Vallecito was appreciated by these early immigrants and travelers because it was the first real greenery they’d seen since leaving Yuma. Much of that greenery is still there outside the western boundary of the campground.
The lady in white…
Many of the stories in the history of Vallecito come from the era of the travelers who were headed west. One is a story of a lady who died there after the arduous journey, name unknown, who lies buried in a tiny graveyard above the tent area.
She had come from her home in the east to marry her sweetheart who had struck it rich in the gold fields of California. Of frail health, she had suffered on the hard and wearing journey and died at the stop in Vallecito.
Clouds top the mountains that surround Vallecito
after a spring rain.
No one knew her name, and a search of her luggage revealed no name, but in it was the long, white wedding dress she was to have worn and she was buried in the little cemetery in that dress.
There are other stories of phantom stage coaches rolling along the dirt road, of a ghostly lady in a long white cloak roaming through the campground, and of a beautiful white horse pounding down the trail at night.
Watch for wildlife…
We didn’t see any ghosts, but we did see many birds that make their home there because of the water nearby. Road runners race through the campground, there are crows and ravens, western bluebirds, towhees, thrashers, lots of quail, the silky flycatchers whistling from the shrubs and trees, and gnatcatchers flit through the underbrush.
You may not see them all, but several mammals live there too, including rabbits and foxes, and you’ll surely hear coyotes at night. The vegetation is mostly mesquite, greasewood, sage and catclaw, some of it growing high enough to make good shade during warm days.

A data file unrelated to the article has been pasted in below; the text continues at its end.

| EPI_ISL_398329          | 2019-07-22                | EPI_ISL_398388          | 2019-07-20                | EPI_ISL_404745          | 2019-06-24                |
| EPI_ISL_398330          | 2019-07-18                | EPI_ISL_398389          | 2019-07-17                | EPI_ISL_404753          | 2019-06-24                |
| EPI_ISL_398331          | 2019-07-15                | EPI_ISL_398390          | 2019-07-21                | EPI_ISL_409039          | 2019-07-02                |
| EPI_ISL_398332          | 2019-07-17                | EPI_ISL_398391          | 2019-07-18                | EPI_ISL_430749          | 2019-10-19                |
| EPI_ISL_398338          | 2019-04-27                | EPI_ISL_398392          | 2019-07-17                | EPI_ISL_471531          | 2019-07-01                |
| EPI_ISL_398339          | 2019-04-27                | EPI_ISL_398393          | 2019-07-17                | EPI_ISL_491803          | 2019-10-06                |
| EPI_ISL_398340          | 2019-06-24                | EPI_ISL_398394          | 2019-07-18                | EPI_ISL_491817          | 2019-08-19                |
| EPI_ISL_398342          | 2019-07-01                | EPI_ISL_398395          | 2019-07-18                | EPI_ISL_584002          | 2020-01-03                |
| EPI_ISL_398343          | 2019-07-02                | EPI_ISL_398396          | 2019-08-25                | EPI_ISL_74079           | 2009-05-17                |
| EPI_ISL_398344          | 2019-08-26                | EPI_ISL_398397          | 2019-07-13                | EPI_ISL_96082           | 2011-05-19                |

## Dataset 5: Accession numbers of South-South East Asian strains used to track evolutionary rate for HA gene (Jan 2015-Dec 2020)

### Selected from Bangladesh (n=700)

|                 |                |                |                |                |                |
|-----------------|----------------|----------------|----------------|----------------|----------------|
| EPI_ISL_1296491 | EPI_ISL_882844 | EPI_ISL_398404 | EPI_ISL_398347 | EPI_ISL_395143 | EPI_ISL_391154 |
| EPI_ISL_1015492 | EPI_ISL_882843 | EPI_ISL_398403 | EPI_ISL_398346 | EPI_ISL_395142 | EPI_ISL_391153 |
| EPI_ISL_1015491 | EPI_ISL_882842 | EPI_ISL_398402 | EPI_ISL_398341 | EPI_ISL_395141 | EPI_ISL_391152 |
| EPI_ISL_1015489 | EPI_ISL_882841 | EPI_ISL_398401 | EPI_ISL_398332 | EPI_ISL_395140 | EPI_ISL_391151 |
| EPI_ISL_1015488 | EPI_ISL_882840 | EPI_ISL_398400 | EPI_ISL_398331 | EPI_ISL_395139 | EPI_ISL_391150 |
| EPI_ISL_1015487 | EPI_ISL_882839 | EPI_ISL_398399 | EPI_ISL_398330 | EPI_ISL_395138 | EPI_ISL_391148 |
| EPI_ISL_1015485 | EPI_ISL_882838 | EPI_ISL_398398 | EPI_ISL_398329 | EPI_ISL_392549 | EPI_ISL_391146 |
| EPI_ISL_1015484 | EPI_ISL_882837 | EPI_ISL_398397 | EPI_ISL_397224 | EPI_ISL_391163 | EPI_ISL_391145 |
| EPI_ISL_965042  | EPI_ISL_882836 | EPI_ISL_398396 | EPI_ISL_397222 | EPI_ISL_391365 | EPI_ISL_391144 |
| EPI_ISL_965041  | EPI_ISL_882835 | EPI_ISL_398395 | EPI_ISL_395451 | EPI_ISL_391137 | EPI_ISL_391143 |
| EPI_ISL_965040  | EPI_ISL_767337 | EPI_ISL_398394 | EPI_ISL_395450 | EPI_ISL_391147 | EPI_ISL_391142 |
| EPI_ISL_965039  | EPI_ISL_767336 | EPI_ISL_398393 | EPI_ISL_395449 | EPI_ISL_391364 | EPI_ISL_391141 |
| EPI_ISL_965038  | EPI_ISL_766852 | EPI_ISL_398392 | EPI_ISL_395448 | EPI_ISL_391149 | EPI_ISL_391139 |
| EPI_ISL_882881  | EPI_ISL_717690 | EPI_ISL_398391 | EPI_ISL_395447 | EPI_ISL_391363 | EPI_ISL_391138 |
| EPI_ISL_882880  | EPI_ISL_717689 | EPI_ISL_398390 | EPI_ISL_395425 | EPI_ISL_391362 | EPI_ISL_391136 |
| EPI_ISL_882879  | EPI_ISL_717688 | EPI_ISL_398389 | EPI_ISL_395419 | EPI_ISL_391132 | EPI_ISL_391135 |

When your travels take you through the Anza-Borrego Desert, keep Vallecito in mind whether you camp there or just stop to see the old stage station and take a walk up the hill to the grave of the lady in white.
Vallecito campground lies in eastern San Diego County just outside the Anza-Borrego Desert State Park. It can be reached off Interstate 8 via Highway S-2 north at Ocotillo, or off Interstate 15 south toward San Diego exiting at Highway 79 to Warner Springs and south to Highway S-2.
For more information contact the San Diego County Parks Dept. at 877-565-3600, or write to them at 2454 Heritage Row, San Diego, CA 92110, or online at Co.San-Diego.CA.US/parks/
Vallecito is open from Labor Day weekend in September to Memorial Day, May 30. The weather is usually warm in the day, cool at night, and this area of the Anza-Borrego Desert gets a little rain in the winter, anytime from November through April.
In the spring wildflowers are abundant.
There are no supplies at the campground. There is a store at a private campground, Butterfield Ranch, along the way on Highway S-2, and supplies are available at Warner Springs and Ocotillo.
Gerald Burke is a freelance travel and horticultural writer. He has traveled all over the world. He writes a monthly column, LET’S GO CAMPING, covering public campgrounds, mostly in Southern California, and contributes to a number of travel and RV periodicals. He is a member of the Garden Writers Association and the North American Travel Journalists Association.